Weatherspoon was one of 16 players allocated to the eight inaugural WNBA teams in 1997, going to the Liberty along with Rebecca Lobo. For that first season, the WNBA championship was decided by a title game, not a series, and the Liberty lost to Houston, the team that would be their nemesis.

In the WNBA Finals in 1999 and 2000, the Liberty also fell to Houston, then they lost in the finals to Los Angeles in 2002. New York hasn't been back to the WNBA Finals since, and the team no longer plays at Madison Square Garden, a place that could be magical at the height of Liberty-mania.

"It was almost a rock star kind of feel, being in New York," Weatherspoon said. "We had the opportunity to live in the city then, too, so we got the feel of the city, the grind of it. That made a tremendous difference, because we wanted our team to be like the city. We wanted New Yorkers to feel we were grinding just as hard as they were, and they were a part of what we did."

"She pushed you to knock down the wall that kept you from being great." Crystal Robinson on former Liberty teammate Teresa Weatherspoon

Robinson, who played in the short-lived ABL for two years before being selected by the Liberty in the 1999 draft, said she and undrafted rookie Becky Hammon bonded over their shared bruises after tough Liberty practices during which Weatherspoon demanded excellence.

"Everyone that Spoon played with has a great affinity for her," said Robinson, now an assistant with the Dallas Wings. "But Spoon wasn't always nice. She was very demanding. You didn't get things done, she was going to tell you.

"Spoon actually implemented a rule defensively that if you got beat off the dribble twice, you had to ask for a sub. Go to the bench and get yourself together, then come back in and help us. Spoon set a standard, and she lived that standard. So you couldn't help but follow it; there wasn't any wavering."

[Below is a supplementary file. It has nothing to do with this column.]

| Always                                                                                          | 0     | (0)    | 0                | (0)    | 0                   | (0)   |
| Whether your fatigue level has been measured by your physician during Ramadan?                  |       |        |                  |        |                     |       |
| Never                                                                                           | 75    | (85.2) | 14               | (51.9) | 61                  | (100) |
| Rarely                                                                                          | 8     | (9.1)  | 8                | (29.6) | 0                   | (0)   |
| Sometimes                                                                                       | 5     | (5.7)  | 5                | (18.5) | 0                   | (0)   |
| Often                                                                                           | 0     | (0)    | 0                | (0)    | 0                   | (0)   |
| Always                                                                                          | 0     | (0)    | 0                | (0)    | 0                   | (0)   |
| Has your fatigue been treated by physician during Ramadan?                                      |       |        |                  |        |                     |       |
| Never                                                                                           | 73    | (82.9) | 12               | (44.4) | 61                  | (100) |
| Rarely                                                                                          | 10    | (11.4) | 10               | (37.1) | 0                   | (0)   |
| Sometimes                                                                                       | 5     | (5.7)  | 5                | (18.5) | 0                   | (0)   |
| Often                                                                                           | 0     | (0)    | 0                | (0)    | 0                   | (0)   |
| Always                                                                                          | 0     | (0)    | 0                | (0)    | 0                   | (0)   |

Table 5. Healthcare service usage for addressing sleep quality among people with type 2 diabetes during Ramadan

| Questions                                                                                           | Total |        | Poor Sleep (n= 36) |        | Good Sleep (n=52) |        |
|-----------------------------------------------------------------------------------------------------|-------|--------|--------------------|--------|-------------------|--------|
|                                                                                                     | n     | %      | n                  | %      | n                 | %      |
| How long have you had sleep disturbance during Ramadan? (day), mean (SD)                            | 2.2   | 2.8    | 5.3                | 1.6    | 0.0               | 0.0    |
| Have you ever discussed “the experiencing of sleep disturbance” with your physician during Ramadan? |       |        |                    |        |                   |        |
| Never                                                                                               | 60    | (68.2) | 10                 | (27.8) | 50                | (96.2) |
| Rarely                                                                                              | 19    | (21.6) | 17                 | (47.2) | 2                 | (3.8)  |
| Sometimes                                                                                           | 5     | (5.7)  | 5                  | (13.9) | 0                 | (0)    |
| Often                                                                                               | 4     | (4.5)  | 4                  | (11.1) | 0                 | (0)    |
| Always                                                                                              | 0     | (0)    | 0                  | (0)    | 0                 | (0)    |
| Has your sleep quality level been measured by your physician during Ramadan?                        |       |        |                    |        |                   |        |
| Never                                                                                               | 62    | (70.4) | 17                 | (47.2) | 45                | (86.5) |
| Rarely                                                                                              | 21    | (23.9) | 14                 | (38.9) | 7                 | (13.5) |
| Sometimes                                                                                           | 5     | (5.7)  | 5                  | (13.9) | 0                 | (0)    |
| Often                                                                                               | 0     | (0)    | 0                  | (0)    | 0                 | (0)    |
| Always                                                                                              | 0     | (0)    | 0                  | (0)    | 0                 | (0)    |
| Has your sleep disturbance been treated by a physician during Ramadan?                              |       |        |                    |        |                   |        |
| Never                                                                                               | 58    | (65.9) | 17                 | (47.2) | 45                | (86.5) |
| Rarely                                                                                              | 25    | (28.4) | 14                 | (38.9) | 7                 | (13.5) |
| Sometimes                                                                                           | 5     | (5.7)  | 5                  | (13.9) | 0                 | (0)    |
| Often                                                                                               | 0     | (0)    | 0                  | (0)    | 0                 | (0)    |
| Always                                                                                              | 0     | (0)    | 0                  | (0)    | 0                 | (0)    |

Which brings us back to the airport story. The Liberty were in the midst of winning 12 of 13 games on the way to making the 2000 WNBA Finals. The Liberty had played Friday night at Charlotte and then had a game slated Saturday night versus Cleveland back in New York.

A 24-hour turnaround gave them almost no time for preparation, but it was made worse when travel issues split up the team on different flights. Vickie Johnson, who joined the Liberty in 1997, recalled the starters wound up delayed on a connection in Atlanta, and there was concern they wouldn't make it home in time to play. Weatherspoon took the time they were inside the terminal to do a walk-through of the game plan.

"Yeah, people were watching us," Weatherspoon said, laughing. "But we were just making sure we were prepared. Because almost as soon as we'd be off the plane, we'd have to play."

That's what happened: The game time was pushed back, the Liberty got a police escort to the Garden and they won 81-67.

"I have so many memories of Spoon, but that's one of my favorites," said Johnson, now an assistant with the Las Vegas Aces. "That was her thinking of the team first, as usual."

So much more than 'The Shot'